Meet Heirloom Seed Expert Trina Pilonero
“It’s in our cultural heritage to save seeds.”
OCH: How did you get started as a gardener?
TP: I was born in Kansas and, out of necessity, Dad had a garden. As children (there were five of us), we were expected to help in the garden. I learned it was fun but it was also a lot of hard work. I vowed never to have a garden.
OCH: Are all your vows so successful?
TP: Well, I married my college sweetheart 41 years ago! We moved to the Catskills in 1990 with our two then-teenage daughters. I was a professional stay-at-home mom. I made my own goat cheese, which I liked doing. I liked goats, wanted some, got some, and made cheese in the kitchen.
OCH: Is that when you became a Master Gardener?
TP: Yes, well, I finally had to choose between my plants and my goats. I quit dairy goats and started a nursery because I got mad.
TP: Yes, I remembered how good tomatoes are supposed to taste and that’s not the way the plants I was growing from transplants tasted. I started using open pollinated and heirloom seeds. I was an exuberant grower and always grew too many of everything, so I started putting them out by the side of the road. Then I helped form the first farmers’ market up here, as a venue for my tomato plants. I thought it was the dumbest thing I ever did. But the next year, I was vindicated. People liked the way our plants produced and they came back.
OCH: What does “open pollinated” and “heirloom” mean?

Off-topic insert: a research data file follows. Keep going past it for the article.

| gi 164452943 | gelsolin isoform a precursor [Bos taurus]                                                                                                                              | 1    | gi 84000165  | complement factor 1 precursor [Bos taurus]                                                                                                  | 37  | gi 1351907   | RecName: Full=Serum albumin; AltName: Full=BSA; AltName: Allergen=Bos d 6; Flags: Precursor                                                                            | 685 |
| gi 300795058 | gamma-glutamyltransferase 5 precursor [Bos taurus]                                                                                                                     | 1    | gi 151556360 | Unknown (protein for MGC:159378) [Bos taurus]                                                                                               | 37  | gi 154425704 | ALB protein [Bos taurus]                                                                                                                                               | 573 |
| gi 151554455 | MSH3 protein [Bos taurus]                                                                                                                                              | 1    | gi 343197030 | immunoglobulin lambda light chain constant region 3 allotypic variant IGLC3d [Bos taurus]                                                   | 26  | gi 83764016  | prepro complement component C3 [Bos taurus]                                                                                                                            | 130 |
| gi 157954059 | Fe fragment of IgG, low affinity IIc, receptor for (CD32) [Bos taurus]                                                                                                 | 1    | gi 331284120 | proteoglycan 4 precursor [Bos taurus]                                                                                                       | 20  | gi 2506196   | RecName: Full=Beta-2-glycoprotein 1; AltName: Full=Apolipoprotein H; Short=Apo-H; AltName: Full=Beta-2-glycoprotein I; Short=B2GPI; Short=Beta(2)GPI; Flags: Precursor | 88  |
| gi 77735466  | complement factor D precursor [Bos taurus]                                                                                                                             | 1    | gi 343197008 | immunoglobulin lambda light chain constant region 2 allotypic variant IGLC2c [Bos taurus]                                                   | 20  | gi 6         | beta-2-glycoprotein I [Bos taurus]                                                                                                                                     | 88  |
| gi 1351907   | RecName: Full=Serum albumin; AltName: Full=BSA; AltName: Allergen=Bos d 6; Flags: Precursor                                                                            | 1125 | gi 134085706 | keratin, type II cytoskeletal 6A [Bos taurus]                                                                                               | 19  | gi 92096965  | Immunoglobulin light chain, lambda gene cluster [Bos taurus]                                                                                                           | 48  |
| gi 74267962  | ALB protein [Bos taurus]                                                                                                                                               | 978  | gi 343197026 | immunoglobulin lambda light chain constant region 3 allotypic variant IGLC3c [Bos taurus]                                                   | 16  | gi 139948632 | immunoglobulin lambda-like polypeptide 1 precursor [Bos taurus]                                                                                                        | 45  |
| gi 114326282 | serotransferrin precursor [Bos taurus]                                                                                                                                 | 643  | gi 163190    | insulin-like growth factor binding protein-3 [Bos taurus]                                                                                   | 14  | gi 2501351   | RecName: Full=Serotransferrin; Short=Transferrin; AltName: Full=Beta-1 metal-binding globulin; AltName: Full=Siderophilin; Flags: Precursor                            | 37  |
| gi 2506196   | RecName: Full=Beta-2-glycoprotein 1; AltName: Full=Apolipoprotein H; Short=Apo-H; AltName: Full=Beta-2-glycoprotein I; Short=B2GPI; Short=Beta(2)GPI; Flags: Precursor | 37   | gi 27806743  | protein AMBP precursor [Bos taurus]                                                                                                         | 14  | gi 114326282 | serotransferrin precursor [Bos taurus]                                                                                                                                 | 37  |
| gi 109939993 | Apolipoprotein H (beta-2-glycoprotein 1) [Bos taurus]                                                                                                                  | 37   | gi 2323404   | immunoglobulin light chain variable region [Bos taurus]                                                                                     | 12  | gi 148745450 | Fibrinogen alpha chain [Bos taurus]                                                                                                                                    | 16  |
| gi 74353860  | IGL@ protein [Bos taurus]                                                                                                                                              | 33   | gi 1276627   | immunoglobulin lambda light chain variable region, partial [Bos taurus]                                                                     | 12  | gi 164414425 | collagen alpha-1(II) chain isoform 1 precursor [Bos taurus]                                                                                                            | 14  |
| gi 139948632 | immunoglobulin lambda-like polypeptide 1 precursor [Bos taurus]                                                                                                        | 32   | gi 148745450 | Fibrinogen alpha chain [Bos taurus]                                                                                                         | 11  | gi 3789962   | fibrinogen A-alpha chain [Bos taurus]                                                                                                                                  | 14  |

TP: Open pollinated plants have two genetic parents, male and female, that are the same. The hybrids, which came into prominence after World War II, have genetically different parents. They are bred for their vigor and productivity. The only way to get hybrids is from a corporation. But if you save seeds from an open pollinated plant, you get the same plant you started with. It’s in our cultural heritage to save seeds. We are relearning how to be self-sufficient. Heirloom plants are like me—over 50. They have been around for at least three generations.
When plants are bred for disease resistance, they tend to lose flavor—they look beautiful, but they are tasteless. To me, flavor is incredibly important.
OCH: Are all the plants you grow native to the region?
TP: Oh, no. The biggest challenge to growing up here is our short season. I grow what performs well here. Four out of five gardeners grow tomatoes, so we carry a large variety of all sorts of tomatoes. But we grow many, many other things as well. The extent of the challenge is to grow what performs well in our environment. I’m growing something now from Egypt called Melo Khya, a short spinach-like plant that gets taller as it ages and becomes fibrous. Its mature strands can be made into rope. Somebody told me about it and I found it on the Internet. We pay attention to what our customers ask for.
In addition to our vegetables, we have herbs and some perennials, like the butterfly bush and other cottage garden plants. If I like them, we sell them. There’s a breeder, Tom Wagner, who grows a tomato that is named Green Zebra because it has stripes. It lacks a color gene but it tastes great! There are fads in the vegetable world as in every world.
OCH: Do you still sell at the farmers’ markets?
TP: Well, I go to Union Square in New York City, so we don’t do the Liberty Farmers’ Market on Fridays anymore. We still sell at the Sunday market in Callicoon. I love and support my local farmers’
OCH: Do you still keep farm animals?
TP: We have five head of Scottish Highlander cattle. They are from a hardy, ancient fifth-century breed. They have long shaggy hair and big horns. We keep chickens—also heritage breeds.
OCH: You moved some of your operations away from your farm in Jeffersonville. Why is that?
TP: We just found it was hard for some people to get to us up at the farm. Now we share space at Gorzynski’s Farm on Route 52. It works out well for us.